The federal government recently poured $36.3 million into the Northleaf Venture Catalyst Fund the first of many soon-to-come government-sponsored funds comprising Ottawa's $400 million Venture Capital Action Plan. The plan, conceived with the view that Canada's lacklustre venture capital industry requires a government solution, ignores Canadian evidence that shows government-sponsored venture capital is ineffective. More fundamentally though, it represents a further blurring of the lines between pro-market and pro-business government policy.
In the land of government plenty that vast landscape populated with the tax dollars of Canadians there is no shortage of politicians willing to hand out and defend subsidies to business and no dearth of corporations willing to take the cash.
In his 1946 essay, Politics and the English Language, George Orwell argued that, political speech and writing are largely the defence of the indefensible. Orwell's quip came to mind again recently after reading Bombardier's defence of taxpayer subsidies to business, this in response to my recent study on the matter.
Back in 1962 John F. Kennedy had been president of the United States for one year, four lads from Liverpool were about to hit it big in the music world, and a Saskatchewan lawyer, John Diefenbaker, was in his fifth year as Prime Minister of Canada.
In retrospect, 1962 was also notable for another reason: it was the start of a trail identifying corporate welfare recipients, many of whom have sought subsidies from the federal government ever since.
Canada is a superb creation and initial credit for that must, obviously, go to Canada's fathers of Confederation. How we came about is a fascinating tale of seemingly intractable regional disputes resolved, at least for a time, by new institutions and a new country.
Canadians who dont regularly track how governments spend money might be surprised to find how myths crop up about government expenditures. Exhibit A is a new report that claims Canada needs even more industrial policy, academic lingo for subsidies to business, and this as if governments had not already long practised such policy, and at a considerable cost to taxpayers.
Back in June 2009, the federal and Ontario governments decided to use massive amounts of taxpayer cash to rescue General Motors and Chrysler, two corporations deemed too big to fail. The cost to Canadians was US$13.7 billion: $10.8 billion to GM and $2.9 billion to Chrysler.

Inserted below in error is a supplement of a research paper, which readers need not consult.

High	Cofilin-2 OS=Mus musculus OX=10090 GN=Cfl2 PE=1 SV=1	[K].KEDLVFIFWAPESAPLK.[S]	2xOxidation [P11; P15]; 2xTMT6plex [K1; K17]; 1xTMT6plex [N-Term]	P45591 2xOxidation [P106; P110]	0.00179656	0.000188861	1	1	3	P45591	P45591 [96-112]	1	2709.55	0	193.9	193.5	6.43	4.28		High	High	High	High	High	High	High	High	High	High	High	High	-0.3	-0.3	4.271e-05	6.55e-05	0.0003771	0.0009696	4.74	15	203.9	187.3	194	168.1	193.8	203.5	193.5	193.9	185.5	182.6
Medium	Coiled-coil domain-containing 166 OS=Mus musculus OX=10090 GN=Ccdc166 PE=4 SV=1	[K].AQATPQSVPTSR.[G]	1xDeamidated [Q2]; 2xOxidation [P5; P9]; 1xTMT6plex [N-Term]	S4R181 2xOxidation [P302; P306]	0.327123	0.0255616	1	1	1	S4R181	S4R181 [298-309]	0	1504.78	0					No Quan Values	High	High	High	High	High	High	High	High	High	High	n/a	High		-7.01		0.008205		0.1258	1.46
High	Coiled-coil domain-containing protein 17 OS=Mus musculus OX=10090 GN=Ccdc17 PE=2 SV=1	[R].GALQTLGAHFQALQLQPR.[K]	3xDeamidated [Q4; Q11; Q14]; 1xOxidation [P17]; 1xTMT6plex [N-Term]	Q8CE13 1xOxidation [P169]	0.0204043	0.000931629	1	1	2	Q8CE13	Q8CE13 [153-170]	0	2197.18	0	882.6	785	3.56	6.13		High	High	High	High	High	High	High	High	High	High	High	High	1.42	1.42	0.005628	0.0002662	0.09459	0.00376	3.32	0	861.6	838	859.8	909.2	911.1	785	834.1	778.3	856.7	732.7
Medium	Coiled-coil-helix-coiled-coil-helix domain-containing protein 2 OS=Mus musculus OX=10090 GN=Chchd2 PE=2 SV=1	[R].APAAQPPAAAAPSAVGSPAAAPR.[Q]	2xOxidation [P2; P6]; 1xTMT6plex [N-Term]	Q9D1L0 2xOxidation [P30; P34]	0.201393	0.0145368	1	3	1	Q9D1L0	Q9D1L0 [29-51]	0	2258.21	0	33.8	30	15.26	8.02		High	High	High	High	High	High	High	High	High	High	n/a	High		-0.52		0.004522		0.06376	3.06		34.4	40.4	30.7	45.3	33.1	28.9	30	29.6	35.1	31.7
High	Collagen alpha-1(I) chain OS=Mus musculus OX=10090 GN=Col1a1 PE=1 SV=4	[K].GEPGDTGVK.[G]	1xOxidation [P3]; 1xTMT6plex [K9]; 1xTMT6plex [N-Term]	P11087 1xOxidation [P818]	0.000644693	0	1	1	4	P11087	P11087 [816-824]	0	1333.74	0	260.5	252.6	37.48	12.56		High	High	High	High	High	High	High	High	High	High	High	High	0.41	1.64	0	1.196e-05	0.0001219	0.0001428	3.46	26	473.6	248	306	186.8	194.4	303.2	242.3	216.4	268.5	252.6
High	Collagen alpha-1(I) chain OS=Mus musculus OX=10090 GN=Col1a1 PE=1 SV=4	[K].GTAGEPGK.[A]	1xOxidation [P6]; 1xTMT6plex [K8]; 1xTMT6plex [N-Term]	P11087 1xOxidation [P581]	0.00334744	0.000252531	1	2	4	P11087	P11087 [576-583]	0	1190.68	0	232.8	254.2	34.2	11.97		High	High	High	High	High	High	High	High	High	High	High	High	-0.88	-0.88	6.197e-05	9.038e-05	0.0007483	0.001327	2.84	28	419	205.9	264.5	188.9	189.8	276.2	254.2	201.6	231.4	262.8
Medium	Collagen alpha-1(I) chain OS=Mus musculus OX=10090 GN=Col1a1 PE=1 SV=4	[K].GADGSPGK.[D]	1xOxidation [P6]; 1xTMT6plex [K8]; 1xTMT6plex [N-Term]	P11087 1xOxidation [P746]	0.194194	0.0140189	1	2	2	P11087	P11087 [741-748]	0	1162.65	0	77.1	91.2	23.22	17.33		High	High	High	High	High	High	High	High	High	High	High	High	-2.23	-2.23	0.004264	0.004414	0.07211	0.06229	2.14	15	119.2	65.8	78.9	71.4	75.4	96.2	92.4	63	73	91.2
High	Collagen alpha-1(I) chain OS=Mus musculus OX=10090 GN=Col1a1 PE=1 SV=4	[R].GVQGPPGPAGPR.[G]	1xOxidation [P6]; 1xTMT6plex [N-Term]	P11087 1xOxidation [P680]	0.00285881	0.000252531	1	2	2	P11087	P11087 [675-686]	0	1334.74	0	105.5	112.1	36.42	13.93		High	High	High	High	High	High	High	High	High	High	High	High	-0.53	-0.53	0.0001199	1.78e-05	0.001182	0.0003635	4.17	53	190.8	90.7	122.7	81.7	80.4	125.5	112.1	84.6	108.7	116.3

The taxpayer bailout was part of the court-supervised restructuring process for the two companies, egged on by the Obama administration. Behind the scenes, the White House made clear that any restructured versions of the companies might leave Canada if taxpayers in this country did not ante up.
If business leaders ever wonder why a chunk of the public disdain business and call for higher corporate taxes or sector-specific increases (higher royalty rates for energy and mining, higher stumpage fees in forestry) or just increased business taxation in general, heres a clue: too many companies are addicted to corporate welfare.
Crony capitalism is problematic all on its own. Addiction to it only reinforces the perception that businesses cant be bothered to compete on merit, in an open market, but prefer to plead for political favours and protection at taxpayers expense.
There is apparently no shortage of politicians with a not-so-secret Hollywood love affair: they love to throw tax sweeteners and direct subsidies at the film industry, this in an effort to lure film production to their province or state.
The latest starry-eyed politician is the British Columbia opposition leader, Adrian Dix. In his run-up to that provinces May election, the B.C. NDP leader has promised to up the film tax credit for labour costs to 40 per cent, up from 35 per cent.